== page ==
Tuesday, September 1, 2020

The term "dry-brushing" may seem an oxymoron; since Day 1, we've been dipping our brushes into paint, then running the bristles across a substrate -- the point being, to layer the substrate with paint!

But somewhere along the way, someone discovered or developed the technique of dry-brushing.  For anyone like me, who likes to overdo everything when it comes to paint, this might seem a hard technique to master. 

But a little practice works magic!  And the results of dry brushing with stencils are rewarding -- especially for me, since I love to find ways of achieving new looks with my stencils.

The first step is to put out a little paint.  Dry-brushing requires very little!

Second, pick a brush and crumble some scrap paper enough to make a textured surface for practice --

Above:  the brush on the right has been just slightly loaded with paint.  After loading just the tips of the bristles with paint, the next step is to lightly brush the bristles over the textured surface.

After my practice time, I decided the brush that works best for me is a brush with very stiff bristles.  So that's the kind of brush I've used in all the following photos.

Above, part of my 9" x 12" stencil Blooming Where Planted has been masking-taped to a substrate.  Especially with this technique, I find it very helpful to secure the stencil in some way.  Dry brushing across the texture of a stencil will make the stencil want to move, unless it's held firmly in place.  

Below is a similar shot, this time, with my 9" x 12" stencil Prayer Flags being put to work.

In the close-up below, you can see that, on this particular piece, I've dry- brushed all the way down the length of the stencil.  (The splashes of green paint were applied earlier and were dry before I started dry brushing.)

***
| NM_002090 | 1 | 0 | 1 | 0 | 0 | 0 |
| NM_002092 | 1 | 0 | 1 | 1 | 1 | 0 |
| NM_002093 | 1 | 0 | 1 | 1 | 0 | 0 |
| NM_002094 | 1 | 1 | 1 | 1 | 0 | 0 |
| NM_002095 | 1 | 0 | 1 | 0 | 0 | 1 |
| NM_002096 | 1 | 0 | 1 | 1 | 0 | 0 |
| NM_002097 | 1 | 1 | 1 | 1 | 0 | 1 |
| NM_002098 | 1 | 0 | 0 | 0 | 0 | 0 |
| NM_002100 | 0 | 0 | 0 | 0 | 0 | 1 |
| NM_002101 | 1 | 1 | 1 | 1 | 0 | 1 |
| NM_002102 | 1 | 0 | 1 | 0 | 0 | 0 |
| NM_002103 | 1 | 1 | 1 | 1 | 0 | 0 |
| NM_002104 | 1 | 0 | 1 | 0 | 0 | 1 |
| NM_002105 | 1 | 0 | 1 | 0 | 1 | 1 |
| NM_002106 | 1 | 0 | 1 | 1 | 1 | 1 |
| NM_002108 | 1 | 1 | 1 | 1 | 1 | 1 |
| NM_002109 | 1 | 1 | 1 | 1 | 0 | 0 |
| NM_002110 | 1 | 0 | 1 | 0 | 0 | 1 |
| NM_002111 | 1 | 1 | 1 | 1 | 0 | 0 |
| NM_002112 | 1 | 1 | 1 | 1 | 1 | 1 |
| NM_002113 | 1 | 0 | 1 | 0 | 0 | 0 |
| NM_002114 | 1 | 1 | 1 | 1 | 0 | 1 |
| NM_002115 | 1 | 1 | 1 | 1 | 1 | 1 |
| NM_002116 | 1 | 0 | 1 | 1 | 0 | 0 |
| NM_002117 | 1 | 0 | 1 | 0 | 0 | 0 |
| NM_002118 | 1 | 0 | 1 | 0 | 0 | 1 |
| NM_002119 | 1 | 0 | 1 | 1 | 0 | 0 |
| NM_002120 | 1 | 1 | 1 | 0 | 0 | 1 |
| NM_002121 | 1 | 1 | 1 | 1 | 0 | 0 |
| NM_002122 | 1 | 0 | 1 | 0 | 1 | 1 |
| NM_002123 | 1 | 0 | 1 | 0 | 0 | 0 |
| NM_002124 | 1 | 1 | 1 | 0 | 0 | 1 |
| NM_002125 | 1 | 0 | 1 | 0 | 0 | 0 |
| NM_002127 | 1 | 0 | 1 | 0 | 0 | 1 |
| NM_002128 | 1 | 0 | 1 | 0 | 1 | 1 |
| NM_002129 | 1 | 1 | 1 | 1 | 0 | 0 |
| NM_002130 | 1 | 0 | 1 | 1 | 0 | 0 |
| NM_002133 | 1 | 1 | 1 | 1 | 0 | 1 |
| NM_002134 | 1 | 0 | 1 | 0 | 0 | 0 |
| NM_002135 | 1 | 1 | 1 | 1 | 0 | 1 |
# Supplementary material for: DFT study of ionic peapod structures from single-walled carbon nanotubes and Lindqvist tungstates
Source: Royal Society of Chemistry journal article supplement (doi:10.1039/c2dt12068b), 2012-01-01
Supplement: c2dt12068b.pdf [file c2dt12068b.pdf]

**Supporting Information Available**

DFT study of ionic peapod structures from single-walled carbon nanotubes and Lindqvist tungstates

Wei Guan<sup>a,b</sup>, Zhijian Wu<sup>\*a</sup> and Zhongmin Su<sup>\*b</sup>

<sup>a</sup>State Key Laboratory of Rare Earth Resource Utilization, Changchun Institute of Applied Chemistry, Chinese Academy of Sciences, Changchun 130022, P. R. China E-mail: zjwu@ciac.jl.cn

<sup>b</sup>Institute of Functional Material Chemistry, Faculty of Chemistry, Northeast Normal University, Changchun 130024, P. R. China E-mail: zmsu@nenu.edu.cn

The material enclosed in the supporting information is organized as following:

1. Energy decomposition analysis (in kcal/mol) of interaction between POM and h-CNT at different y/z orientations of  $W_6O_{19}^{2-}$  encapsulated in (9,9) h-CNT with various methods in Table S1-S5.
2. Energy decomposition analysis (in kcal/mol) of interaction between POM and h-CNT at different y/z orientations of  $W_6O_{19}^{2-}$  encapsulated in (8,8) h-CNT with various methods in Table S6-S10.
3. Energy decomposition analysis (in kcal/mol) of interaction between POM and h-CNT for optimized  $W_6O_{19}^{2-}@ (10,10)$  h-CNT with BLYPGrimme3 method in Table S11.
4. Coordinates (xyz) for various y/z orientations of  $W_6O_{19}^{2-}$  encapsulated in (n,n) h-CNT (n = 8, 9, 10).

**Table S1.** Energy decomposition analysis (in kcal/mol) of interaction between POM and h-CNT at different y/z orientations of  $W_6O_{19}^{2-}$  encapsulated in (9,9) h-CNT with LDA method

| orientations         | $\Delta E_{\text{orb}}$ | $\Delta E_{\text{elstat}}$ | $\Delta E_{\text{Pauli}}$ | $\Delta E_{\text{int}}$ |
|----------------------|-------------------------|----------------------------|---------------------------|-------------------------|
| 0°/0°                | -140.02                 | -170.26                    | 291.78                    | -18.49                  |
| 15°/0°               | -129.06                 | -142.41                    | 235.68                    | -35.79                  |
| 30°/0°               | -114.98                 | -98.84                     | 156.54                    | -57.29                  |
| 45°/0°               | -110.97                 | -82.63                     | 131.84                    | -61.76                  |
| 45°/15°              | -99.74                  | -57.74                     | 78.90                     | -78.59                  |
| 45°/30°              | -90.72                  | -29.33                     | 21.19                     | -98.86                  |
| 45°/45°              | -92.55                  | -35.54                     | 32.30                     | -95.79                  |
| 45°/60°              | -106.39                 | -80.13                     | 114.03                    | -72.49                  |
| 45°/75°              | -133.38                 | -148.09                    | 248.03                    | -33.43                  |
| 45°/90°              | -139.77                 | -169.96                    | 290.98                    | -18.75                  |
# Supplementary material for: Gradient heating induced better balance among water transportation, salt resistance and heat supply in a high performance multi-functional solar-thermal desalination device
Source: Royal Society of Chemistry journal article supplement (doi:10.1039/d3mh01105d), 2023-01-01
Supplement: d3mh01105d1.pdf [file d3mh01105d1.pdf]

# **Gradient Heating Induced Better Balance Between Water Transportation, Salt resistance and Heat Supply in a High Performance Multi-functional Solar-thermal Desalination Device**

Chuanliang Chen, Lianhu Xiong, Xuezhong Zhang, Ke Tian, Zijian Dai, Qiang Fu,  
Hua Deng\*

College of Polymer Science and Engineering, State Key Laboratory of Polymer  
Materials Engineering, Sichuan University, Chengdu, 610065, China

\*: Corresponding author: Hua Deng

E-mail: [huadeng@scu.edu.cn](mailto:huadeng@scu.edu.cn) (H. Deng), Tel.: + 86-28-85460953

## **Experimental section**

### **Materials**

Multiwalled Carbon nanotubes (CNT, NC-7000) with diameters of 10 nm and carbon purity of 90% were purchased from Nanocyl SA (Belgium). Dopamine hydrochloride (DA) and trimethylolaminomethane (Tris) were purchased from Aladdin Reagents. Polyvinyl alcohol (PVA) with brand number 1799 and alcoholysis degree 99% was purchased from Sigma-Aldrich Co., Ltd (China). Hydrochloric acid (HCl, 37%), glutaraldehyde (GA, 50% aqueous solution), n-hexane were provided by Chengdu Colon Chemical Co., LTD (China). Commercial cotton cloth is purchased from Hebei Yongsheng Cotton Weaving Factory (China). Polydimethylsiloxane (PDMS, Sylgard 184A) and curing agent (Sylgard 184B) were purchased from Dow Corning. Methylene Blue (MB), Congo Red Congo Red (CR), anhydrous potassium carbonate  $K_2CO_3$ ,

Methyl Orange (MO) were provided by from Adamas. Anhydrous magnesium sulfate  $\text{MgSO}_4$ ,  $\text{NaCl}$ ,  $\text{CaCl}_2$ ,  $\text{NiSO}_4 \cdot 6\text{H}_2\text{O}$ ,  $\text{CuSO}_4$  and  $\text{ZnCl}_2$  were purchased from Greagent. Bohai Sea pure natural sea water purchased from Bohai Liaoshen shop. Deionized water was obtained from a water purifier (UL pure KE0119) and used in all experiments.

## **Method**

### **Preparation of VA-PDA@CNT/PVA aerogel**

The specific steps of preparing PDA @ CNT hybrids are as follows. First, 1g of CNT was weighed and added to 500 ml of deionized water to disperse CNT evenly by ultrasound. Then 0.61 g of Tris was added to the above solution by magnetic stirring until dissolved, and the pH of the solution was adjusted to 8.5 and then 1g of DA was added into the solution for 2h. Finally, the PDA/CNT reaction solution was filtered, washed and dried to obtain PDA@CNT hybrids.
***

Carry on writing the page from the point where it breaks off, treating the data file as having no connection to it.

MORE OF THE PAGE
Below are two shots of this stretched canvas, showing what the surface looks like, now that the stencil has been lifted.


The dry-brushing technique can also be employed in at least one other way:

The next photo below shows a stretched canvas that I have developed by using my 9" x 12" Longwood Florals Stencil with modeling paste.  First I had spread the modeling paste thru the stencil with a credit card.  

Then I'd immediately placed the stencil into a basin of water so that I could clean it later -- something that I do whenever using a 3-dimensional medium like modeling paste.

After the modeling paste had dried, this is what I had --

Below is a close-up of the same canvas, as I have just barely started to apply paint --

Below: a shot of the canvas after several colors have been brushed across its raised surface --

Like today's earlier project -- using the dry brush technique thru stencils -- the 3-dimensional piece above is still being developed.  With a wet brush, I'll be adding several layers of translucent paints in several colors that will correspond with the colors now laid down.

More examples of dry-brushing across raised surfaces:

Above:  a stretched canvas developed with modeling paste and Mimosa Stencil (9" x 12") as well as Mimosa 6 Stencil (6" x 6".)

Above:  a close-up detail.

Above:  another close-up detail.

I'm ending today's post with a warning -- it's really easy (at least, for me) to load too much paint onto your brush when first trying this technique!  Below is a shot of what happens when the brush is over-loaded with paint.  In this case, the stencil used was my 6" x 6" Webbed Medallion --

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